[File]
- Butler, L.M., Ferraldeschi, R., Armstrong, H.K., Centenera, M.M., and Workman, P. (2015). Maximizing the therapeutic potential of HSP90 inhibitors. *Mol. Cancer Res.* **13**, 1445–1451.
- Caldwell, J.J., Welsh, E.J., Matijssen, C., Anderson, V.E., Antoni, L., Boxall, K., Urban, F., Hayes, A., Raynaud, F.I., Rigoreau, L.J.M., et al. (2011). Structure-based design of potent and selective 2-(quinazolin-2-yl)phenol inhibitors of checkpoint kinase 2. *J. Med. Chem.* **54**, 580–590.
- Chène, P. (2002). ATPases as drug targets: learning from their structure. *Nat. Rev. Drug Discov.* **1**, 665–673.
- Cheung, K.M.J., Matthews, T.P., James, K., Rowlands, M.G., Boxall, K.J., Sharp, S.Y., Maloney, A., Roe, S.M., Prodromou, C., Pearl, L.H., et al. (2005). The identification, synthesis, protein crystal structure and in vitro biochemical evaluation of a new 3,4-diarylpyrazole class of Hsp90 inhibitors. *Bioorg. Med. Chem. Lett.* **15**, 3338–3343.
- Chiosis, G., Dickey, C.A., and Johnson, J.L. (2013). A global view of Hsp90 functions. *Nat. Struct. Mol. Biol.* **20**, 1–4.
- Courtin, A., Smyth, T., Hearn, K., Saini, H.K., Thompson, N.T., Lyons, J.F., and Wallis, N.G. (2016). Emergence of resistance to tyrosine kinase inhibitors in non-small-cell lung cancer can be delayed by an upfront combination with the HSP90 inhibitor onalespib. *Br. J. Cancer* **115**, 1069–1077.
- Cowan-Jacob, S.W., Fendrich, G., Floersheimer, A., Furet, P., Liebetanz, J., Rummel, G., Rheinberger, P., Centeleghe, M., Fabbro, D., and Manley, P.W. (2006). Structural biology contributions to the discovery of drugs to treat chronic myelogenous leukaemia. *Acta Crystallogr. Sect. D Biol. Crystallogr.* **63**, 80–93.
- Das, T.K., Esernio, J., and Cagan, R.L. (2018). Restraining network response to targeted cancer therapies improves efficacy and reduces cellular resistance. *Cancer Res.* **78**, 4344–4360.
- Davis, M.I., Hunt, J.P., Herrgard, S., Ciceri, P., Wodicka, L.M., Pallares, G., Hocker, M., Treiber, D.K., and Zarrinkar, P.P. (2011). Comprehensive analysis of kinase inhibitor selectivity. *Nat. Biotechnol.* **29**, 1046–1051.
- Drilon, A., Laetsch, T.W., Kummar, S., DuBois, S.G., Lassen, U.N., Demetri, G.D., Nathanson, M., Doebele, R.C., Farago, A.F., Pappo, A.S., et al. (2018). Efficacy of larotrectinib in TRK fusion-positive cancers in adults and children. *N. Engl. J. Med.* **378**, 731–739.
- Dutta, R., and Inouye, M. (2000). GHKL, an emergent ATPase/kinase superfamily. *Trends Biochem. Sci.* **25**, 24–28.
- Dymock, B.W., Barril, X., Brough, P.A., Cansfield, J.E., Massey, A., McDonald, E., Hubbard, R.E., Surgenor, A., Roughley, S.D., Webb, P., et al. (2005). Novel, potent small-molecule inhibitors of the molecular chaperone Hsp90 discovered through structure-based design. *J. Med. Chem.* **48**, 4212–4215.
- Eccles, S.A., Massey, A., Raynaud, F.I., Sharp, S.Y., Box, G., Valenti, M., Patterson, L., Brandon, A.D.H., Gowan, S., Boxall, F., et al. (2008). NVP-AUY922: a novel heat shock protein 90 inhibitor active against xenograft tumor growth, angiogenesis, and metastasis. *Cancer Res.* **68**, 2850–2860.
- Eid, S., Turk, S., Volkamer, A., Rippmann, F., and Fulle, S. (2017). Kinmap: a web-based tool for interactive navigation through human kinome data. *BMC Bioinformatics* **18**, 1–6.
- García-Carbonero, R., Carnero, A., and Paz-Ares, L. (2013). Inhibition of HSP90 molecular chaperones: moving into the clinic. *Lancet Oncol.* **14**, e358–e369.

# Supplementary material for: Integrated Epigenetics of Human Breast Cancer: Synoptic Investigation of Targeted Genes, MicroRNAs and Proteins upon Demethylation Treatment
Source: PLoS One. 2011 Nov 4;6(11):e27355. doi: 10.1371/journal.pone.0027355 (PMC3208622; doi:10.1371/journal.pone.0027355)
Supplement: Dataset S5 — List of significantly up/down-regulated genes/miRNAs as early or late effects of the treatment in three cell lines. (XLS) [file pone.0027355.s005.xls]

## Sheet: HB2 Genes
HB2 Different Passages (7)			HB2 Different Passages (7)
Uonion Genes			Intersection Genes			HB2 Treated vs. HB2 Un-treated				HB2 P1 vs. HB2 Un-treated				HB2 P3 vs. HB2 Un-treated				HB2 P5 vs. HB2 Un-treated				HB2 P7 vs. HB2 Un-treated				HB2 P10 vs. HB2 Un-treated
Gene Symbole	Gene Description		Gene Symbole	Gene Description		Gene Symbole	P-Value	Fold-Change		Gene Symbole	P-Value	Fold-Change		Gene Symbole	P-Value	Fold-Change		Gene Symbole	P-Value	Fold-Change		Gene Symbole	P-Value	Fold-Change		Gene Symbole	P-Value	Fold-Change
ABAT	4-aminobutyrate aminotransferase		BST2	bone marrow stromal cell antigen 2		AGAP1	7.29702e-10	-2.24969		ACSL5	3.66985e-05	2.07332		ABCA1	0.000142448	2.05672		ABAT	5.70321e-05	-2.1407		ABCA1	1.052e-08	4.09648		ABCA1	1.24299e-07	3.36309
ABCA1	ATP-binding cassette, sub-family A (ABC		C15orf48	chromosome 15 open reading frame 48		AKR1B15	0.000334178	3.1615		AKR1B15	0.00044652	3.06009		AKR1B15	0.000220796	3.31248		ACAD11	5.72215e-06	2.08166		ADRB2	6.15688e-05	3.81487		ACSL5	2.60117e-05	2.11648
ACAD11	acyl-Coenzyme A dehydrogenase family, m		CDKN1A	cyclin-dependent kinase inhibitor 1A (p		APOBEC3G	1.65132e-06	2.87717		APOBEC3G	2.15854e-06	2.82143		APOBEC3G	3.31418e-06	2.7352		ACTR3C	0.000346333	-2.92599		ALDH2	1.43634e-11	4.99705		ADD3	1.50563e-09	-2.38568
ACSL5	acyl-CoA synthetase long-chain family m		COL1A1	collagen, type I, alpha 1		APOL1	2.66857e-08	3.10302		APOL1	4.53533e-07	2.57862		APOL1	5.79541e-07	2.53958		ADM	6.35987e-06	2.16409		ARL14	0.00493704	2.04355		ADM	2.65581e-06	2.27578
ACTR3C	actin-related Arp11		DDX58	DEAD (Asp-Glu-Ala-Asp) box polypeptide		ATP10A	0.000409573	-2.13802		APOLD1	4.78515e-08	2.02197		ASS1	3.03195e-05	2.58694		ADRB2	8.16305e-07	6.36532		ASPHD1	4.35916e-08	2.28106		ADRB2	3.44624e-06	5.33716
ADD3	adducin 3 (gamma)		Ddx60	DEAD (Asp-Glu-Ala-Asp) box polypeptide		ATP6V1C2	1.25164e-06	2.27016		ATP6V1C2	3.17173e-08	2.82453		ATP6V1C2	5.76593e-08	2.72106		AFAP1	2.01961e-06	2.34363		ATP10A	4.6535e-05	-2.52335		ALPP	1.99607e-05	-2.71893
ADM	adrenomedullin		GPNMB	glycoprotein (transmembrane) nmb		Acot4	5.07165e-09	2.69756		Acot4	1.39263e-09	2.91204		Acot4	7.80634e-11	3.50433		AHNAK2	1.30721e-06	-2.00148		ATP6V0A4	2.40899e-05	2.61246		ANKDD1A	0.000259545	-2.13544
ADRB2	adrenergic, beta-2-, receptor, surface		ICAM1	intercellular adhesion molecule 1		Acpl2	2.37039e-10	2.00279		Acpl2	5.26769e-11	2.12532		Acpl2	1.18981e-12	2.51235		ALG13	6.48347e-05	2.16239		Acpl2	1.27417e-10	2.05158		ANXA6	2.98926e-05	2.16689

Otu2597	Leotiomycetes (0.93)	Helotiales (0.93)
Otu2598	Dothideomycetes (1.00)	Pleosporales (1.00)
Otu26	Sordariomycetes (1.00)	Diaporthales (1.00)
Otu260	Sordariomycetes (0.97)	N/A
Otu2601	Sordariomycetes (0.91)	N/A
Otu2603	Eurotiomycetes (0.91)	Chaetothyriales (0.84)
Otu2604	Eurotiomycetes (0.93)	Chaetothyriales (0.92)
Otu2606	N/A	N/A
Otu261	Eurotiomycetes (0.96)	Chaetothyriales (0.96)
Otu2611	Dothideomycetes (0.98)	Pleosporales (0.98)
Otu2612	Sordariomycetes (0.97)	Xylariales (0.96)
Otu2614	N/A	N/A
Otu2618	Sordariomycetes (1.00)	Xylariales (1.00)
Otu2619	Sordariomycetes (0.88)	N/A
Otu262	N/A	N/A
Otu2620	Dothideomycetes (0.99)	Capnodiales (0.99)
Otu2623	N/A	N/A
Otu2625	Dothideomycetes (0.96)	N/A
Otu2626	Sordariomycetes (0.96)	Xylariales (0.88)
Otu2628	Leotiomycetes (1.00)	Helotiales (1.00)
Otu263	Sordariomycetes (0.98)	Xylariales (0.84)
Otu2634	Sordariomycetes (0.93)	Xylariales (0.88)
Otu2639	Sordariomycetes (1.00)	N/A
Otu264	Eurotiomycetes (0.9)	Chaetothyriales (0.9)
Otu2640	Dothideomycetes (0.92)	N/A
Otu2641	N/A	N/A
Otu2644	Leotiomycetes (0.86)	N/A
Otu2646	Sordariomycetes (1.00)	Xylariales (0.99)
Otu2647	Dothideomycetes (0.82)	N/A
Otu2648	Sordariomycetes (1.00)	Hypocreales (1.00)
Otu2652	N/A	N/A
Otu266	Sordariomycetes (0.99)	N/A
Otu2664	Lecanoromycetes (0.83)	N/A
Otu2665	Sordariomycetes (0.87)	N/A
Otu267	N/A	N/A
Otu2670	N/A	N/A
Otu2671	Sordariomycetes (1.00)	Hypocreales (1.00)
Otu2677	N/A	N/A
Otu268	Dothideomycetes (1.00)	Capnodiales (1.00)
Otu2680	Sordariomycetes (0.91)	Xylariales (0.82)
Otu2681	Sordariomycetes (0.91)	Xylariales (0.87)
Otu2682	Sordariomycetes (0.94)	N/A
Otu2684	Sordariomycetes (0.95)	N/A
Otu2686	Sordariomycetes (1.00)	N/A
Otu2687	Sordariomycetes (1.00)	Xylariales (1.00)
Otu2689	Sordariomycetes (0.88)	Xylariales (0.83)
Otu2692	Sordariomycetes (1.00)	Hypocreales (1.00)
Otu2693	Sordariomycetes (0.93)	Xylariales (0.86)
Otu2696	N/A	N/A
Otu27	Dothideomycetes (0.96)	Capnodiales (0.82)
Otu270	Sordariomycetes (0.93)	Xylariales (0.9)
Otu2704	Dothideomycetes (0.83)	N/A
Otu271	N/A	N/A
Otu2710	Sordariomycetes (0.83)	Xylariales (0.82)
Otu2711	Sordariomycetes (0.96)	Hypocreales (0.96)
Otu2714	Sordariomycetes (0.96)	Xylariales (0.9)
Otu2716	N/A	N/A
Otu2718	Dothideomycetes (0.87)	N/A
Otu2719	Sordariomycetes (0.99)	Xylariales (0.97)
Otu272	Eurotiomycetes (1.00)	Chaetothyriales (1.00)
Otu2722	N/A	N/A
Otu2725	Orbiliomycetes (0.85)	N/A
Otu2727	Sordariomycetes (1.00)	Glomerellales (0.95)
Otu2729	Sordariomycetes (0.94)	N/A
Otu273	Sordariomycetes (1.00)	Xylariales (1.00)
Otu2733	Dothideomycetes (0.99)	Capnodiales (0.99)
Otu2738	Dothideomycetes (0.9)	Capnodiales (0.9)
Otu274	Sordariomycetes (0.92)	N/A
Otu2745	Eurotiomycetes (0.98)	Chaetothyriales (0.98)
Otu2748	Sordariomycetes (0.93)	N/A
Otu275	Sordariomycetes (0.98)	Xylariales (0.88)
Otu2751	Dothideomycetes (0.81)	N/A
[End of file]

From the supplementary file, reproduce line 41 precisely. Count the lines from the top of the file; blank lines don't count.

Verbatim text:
Otu2612	Sordariomycetes (0.97)	Xylariales (0.96)